US Losing Handle On Its Diplomacy In a Kosovo 'at War'

Representatives of Serb, Albanian sides in a make-or-break meeting today.

United States efforts to restore peace to Serbia's Kosovo Province appear to be collapsing, as Yugoslav President Slobodan Milosevic pushes a week-old offensive against ethnic Albanian civilians that has left thousands homeless and possibly hundreds dead.

"Milosevic is going for broke," warns a US official, who asked that his name not be used. US officials say the offensive involves MI-24 helicopter gunships, MiG-21 warplanes, tanks, and up to 10,000 police and Yugoslav troops, who have blasted villages with artillery, killed or driven out survivors, and torched homes.

Preliminary US estimates put deaths "in the low hundreds" in the operation, they say, adding the actual count will not be known until outside observers are allowed into the area on Kosovo's border with Albania.

For President Clinton, the escalating carnage is a serious challenge as Kosovo slides toward a full-scale war that could spill into adjacent states.

For now, the US is responding to the Serb offensive by threatening to reimpose a foreign-investment ban on Yugoslavia, which includes Serbia and Montenegro. But some US officials, European diplomats, and independent experts say pressure may be mounting on Mr. Clinton to consider US-led military intervention.

"NATO will be there to intervene ... if necessary," German Foreign Minister Klaus Kinkel insisted yesterday. He said action was needed to prevent "thousands, perhaps tens of thousands" of ethnic Albanians from spreading across Europe.

In 1994, Clinton embraced a Bush administration threat to use force if Mr. Milosevic unleashed ethnic cleansing to crush calls for independence by Kosovo's 2 million ethnic Albanians, who outnumber its Serbs 9 to 1 and have endured years of repression.

But Clinton has refused to reaffirm the "Christmas warning" since Serbian police slaughtered women and children in a crackdown earlier this year on the Kosovo Liberation Army (KLA).

Instead, the US, which opposes Kosovo's independence, has flip-flopped between threatening Milosevic and offering him incentives to grant Kosovo autonomy. Last month, Clinton lifted the foreign investment ban and sent Richard Holbrooke, architect of the 1995 Bosnia peace plan, to persuade Milosevic and ethnic Albanian political leader Ibrahim Rugova to hold talks.

But even as Clinton encouraged Mr. Rugova at a White House meeting last week to pursue the talks despite a total lack of progress, Milosevic was unleashing the offensive against ethnic Albanians in Decani and villages near the border with Albania.

SOME experts say Milosevic may have read the softening of the US stance as a "green light" for the offensive. "All of this has been completely misinterpreted in Belgrade as a sign of American weakness," says a European diplomat.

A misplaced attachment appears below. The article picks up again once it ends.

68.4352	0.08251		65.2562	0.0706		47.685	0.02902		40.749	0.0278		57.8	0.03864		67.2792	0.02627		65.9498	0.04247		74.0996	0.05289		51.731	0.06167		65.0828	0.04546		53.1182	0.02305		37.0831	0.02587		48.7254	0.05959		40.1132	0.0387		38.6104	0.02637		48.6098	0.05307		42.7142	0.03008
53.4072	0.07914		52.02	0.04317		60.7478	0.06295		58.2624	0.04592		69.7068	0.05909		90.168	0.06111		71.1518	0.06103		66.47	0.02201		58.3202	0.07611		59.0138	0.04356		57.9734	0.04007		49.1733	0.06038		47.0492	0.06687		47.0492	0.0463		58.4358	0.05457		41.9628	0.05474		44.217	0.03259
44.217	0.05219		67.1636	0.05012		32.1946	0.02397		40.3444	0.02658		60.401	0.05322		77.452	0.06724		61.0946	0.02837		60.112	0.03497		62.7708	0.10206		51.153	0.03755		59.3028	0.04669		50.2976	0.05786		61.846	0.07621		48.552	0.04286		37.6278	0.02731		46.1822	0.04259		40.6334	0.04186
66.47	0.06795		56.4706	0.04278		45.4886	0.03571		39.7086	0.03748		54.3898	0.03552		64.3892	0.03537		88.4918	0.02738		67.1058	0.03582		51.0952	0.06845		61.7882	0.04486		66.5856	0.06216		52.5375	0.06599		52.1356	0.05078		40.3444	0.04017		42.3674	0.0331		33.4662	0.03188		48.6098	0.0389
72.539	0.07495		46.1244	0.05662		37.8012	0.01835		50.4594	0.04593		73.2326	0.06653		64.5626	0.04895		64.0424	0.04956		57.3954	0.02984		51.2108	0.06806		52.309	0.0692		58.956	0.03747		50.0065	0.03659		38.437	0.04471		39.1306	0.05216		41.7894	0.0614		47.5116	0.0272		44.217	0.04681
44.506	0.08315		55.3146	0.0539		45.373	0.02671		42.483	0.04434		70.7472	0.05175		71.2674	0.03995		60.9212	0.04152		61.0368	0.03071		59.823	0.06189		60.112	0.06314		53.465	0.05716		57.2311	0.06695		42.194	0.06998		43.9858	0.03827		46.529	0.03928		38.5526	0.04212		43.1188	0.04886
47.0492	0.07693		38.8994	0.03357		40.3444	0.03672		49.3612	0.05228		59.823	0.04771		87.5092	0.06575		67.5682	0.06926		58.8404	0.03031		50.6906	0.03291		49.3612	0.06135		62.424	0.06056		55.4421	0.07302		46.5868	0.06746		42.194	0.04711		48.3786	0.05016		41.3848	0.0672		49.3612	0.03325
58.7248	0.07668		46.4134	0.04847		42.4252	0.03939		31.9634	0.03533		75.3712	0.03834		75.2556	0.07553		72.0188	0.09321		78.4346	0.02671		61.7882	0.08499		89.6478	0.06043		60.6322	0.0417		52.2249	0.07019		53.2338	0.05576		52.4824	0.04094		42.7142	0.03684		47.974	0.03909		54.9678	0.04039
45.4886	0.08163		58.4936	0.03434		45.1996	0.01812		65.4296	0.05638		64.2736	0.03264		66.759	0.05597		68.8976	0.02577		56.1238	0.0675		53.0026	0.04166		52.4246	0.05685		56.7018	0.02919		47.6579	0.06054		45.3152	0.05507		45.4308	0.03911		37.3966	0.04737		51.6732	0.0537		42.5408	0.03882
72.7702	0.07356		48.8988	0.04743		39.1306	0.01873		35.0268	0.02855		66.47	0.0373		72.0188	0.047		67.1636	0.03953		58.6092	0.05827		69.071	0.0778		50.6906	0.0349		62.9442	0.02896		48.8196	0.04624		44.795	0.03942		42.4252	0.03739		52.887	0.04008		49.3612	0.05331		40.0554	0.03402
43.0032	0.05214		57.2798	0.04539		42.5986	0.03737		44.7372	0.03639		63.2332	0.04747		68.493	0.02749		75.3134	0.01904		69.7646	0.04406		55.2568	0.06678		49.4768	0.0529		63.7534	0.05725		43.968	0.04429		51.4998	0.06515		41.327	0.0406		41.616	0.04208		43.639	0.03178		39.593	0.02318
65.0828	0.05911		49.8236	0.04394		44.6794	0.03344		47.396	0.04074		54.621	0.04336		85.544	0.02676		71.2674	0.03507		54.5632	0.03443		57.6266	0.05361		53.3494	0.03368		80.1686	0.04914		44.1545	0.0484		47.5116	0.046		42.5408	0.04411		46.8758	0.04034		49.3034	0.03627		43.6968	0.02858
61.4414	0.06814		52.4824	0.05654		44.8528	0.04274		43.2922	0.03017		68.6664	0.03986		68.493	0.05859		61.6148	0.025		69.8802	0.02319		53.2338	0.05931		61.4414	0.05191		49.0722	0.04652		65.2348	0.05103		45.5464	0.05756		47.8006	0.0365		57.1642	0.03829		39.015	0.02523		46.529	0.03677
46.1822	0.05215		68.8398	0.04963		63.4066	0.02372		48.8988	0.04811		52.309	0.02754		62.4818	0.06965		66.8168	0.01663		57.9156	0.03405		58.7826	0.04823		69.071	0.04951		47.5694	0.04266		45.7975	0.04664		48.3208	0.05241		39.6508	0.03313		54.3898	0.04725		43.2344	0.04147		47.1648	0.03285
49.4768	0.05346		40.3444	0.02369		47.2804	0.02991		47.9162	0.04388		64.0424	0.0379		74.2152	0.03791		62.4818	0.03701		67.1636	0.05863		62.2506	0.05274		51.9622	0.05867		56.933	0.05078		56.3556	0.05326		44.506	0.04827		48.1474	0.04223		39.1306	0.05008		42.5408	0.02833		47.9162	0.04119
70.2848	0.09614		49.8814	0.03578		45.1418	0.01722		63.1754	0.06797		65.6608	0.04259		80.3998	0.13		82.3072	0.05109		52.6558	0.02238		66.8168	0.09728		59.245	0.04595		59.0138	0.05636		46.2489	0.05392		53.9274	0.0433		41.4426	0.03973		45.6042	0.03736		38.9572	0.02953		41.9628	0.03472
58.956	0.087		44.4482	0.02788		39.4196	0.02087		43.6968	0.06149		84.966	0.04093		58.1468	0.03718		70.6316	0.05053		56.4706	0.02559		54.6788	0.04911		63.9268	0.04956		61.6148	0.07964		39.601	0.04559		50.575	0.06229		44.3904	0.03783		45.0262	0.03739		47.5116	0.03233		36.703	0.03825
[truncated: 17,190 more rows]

US officials say they were responding to European criticism that the US was not offering Milosevic sufficient incentives to negotiate. The talks between representatives of Rugova and Milosevic are to resume today in what could be a make-or-break meeting for the US peace effort.

Clinton's refusal to reaffirm the "Christmas warning" appears to reflect disagreement within his administration over whether to intervene in Kosovo.

The Pentagon opposes expanding US military involvement in the Balkans beyond the open-ended NATO-led peacekeeping mission that put an end to Milosevic's efforts to annex Serb-held parts of Bosnia. It argues that NATO would face a costly and indefinite deployment in Kosovo.

Strained for funds, the Pentagon has rejected several proposals intended to dissuade Milosevic from cracking down in Kosovo, including deploying an aircraft carrier in the Adriatic or additional aircraft to Italy. It is also resisting a proposal for a no-fly zone over Kosovo, officials say.

There is also enormous opposition to intervention in the GOP-led Congress. Many lawmakers are angry with Clinton for extending the US deployment in Bosnia after promising it would last only a year. They also worry that US military resources and readiness are being overtaxed.

But some State Department and intelligence officials - as well as lawmakers and independent experts - argue that the US may have no choice but to lead a NATO force into Kosovo.

"There are different voices being expressed in the Pentagon as opposed to State and the CIA," say one US official. "The Pentagon is recycling a lot of the old arguments that kept us away from Bosnia for so long."

So far, Clinton has approved a NATO review of military options. The alliance last week agreed to extend a symbolic UN troop contingent in Macedonia.

But some US officials and other experts believe Milosevic is using the offensive to depopulate a "no go" zone to stop the KLA from moving in men and arms.

That may backfire. Officials say the KLA is "regrouping" in Kosovo's interior. The rebels are also expected to be inundated with new recruits and funds.

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